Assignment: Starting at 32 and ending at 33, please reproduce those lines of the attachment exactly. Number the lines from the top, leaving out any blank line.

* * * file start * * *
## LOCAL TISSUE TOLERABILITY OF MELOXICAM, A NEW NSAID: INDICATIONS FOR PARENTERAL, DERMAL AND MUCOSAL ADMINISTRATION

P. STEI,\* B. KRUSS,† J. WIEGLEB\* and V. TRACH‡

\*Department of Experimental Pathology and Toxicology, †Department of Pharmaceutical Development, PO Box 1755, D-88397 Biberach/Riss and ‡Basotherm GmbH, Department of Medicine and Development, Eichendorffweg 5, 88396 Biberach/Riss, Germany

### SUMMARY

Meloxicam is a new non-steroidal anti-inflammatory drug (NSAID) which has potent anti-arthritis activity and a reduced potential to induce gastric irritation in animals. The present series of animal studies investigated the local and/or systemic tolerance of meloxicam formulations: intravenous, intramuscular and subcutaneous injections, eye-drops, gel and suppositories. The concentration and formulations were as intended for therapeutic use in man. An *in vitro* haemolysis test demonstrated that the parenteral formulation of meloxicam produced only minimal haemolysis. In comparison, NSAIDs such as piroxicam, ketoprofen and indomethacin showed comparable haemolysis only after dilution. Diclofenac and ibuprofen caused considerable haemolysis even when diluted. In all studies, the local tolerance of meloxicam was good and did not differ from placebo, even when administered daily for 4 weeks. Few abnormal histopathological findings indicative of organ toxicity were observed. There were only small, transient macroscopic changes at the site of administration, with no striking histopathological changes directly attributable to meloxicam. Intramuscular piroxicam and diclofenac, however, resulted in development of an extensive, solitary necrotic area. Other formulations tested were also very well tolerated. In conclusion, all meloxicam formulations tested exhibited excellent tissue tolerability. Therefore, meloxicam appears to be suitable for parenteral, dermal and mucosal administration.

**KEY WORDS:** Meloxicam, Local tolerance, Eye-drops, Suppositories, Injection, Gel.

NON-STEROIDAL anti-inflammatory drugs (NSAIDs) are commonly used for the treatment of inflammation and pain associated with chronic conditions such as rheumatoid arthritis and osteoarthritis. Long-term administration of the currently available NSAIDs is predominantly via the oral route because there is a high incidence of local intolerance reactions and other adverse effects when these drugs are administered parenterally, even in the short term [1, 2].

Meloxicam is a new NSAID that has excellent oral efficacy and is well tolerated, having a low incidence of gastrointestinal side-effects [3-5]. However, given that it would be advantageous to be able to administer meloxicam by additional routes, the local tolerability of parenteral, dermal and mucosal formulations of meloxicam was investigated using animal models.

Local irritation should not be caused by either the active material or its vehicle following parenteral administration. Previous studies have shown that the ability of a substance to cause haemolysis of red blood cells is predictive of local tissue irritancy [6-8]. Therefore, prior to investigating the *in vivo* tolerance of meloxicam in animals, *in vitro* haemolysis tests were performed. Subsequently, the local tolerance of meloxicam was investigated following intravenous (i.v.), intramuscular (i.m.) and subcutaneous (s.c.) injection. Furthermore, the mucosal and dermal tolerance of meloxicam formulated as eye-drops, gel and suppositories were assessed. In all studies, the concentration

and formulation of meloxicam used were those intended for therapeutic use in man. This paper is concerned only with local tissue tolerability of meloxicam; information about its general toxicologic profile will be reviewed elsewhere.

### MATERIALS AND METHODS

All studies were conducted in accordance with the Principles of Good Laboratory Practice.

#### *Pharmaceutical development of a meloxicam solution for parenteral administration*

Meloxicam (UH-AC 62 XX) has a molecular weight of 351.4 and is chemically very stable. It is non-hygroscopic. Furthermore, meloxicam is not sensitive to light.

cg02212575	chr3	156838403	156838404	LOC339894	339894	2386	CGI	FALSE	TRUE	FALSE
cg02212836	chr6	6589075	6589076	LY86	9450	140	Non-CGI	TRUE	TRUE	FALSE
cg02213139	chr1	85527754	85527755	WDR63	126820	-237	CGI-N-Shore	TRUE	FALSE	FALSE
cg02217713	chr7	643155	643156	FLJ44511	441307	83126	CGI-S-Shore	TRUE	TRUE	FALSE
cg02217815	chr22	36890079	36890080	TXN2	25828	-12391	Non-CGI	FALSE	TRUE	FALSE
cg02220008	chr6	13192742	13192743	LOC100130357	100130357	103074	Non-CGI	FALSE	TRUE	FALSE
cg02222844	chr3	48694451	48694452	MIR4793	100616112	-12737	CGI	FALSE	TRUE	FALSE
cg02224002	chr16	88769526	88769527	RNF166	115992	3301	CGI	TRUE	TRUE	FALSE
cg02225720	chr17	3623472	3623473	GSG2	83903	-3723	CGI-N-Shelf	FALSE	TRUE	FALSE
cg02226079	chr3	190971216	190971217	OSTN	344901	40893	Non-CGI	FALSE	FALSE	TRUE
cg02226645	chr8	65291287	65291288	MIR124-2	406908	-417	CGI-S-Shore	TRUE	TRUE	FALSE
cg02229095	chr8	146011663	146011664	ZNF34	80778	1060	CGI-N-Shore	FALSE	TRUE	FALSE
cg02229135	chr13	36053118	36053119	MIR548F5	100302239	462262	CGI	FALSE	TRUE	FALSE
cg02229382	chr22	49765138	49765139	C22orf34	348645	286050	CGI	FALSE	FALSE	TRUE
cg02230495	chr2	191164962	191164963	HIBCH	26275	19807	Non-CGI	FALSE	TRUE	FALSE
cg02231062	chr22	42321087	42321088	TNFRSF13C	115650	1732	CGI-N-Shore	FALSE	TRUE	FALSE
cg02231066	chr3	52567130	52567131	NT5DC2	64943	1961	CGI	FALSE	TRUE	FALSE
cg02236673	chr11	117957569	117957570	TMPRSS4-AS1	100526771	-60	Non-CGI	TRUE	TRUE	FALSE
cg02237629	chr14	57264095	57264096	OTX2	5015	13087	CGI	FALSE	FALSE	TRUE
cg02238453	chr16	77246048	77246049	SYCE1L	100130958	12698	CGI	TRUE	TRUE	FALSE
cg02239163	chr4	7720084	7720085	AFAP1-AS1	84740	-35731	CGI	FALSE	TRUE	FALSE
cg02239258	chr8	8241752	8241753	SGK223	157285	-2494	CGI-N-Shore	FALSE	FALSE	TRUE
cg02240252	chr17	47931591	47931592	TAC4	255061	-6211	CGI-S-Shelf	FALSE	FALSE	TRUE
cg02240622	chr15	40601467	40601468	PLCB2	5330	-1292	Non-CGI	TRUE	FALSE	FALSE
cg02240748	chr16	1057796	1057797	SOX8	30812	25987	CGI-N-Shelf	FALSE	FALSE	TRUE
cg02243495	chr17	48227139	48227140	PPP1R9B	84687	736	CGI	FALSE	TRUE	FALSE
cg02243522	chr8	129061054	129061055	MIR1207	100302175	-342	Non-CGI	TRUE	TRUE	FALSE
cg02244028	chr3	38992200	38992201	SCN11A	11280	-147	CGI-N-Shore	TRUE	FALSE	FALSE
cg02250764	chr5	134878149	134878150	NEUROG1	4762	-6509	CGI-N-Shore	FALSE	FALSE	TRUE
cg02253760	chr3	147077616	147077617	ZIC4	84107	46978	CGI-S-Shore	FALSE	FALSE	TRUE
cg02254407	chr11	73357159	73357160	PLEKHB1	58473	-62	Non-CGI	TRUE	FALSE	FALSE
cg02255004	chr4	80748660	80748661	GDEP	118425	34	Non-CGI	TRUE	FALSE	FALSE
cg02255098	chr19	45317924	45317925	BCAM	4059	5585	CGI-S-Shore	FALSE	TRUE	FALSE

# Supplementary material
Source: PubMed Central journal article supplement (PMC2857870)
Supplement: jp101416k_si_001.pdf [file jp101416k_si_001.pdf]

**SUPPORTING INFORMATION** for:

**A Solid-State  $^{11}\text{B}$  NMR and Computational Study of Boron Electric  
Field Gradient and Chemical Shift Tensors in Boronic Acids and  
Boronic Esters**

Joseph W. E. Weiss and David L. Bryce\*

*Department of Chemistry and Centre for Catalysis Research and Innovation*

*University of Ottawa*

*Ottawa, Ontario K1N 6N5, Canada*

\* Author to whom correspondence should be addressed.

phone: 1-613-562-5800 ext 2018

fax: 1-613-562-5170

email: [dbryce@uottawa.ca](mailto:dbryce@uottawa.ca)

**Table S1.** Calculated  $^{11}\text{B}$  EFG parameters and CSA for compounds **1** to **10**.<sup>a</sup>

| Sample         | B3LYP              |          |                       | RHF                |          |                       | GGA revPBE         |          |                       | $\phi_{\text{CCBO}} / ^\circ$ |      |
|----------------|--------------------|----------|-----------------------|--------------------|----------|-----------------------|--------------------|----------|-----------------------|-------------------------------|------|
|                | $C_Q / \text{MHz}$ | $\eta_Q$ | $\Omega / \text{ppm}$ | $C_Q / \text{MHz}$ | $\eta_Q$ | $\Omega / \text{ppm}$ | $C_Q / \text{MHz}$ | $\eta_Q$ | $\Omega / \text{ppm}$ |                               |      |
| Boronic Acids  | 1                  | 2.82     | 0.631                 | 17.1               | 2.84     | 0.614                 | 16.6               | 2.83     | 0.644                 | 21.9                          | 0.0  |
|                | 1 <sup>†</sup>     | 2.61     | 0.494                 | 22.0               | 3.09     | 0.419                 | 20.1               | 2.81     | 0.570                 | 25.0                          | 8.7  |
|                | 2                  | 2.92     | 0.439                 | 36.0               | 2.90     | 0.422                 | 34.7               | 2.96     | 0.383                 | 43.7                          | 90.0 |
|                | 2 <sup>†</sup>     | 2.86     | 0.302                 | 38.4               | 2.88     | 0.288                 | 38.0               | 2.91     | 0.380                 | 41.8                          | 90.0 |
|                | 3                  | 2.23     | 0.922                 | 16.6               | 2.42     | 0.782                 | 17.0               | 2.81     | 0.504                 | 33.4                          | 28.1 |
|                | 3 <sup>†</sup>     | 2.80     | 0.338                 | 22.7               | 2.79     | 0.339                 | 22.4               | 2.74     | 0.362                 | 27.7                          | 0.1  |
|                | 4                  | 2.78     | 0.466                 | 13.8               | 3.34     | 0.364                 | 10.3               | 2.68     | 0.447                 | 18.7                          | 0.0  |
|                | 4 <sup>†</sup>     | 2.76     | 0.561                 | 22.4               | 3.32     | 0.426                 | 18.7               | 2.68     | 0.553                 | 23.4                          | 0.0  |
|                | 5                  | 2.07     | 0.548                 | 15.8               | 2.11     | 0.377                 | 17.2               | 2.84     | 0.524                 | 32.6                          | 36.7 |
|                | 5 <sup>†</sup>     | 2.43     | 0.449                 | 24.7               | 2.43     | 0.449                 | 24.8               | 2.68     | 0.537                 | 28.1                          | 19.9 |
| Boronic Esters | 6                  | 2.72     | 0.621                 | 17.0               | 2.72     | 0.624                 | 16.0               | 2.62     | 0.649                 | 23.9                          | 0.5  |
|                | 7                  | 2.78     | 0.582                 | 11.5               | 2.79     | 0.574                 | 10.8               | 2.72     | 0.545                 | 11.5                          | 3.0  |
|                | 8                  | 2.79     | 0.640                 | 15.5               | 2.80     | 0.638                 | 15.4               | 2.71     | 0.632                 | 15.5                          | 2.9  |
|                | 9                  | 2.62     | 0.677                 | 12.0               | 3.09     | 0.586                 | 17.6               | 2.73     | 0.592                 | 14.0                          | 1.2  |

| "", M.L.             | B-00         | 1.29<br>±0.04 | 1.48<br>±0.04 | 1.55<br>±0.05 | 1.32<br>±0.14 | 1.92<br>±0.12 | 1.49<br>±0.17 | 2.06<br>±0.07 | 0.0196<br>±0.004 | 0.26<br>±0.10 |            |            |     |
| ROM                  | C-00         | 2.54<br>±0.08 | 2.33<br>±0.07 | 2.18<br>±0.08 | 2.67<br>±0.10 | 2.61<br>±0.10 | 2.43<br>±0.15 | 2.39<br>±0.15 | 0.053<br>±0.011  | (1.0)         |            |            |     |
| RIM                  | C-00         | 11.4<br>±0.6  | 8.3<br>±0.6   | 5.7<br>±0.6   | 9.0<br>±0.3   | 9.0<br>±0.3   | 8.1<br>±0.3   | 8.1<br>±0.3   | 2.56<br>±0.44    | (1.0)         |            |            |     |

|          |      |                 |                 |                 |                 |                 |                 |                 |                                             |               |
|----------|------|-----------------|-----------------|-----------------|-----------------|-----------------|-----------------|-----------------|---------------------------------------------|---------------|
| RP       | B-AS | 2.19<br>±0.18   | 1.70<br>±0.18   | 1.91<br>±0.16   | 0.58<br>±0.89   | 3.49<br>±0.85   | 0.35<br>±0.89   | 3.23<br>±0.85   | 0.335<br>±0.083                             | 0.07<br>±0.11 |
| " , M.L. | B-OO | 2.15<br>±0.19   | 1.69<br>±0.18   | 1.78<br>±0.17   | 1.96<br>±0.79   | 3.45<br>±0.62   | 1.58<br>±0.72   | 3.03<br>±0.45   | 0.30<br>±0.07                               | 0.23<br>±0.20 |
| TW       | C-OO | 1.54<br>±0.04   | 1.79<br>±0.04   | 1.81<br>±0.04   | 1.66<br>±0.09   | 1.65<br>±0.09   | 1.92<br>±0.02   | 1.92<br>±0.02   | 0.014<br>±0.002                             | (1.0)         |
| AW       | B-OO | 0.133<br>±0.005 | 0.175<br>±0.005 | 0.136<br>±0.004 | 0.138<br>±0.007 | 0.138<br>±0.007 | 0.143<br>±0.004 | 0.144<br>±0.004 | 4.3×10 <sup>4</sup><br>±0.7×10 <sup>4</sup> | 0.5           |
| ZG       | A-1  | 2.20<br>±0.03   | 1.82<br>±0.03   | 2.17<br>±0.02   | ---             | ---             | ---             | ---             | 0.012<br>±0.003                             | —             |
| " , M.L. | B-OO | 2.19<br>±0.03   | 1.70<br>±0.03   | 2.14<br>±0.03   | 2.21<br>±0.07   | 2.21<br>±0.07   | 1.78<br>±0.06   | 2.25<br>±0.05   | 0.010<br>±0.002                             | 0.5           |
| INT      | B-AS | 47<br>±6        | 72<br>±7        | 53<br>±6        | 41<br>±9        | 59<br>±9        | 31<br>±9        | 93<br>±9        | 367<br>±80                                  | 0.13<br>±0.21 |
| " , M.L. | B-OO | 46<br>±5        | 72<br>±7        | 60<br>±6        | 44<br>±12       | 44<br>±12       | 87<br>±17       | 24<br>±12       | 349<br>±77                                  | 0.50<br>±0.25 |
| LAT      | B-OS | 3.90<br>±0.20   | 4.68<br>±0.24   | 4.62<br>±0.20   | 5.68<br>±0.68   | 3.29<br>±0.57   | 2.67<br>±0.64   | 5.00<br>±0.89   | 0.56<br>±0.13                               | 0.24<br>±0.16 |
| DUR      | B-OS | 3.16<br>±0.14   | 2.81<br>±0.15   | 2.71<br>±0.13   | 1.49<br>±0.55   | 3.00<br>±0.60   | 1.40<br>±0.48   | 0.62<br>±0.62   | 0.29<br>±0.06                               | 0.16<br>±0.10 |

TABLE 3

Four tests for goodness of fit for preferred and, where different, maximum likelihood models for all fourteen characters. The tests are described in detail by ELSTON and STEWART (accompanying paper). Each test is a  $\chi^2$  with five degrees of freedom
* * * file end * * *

cg02236673	chr11	117957569	117957570	TMPRSS4-AS1	100526771	-60	Non-CGI	TRUE	TRUE	FALSE
cg02237629	chr14	57264095	57264096	OTX2	5015	13087	CGI	FALSE	FALSE	TRUE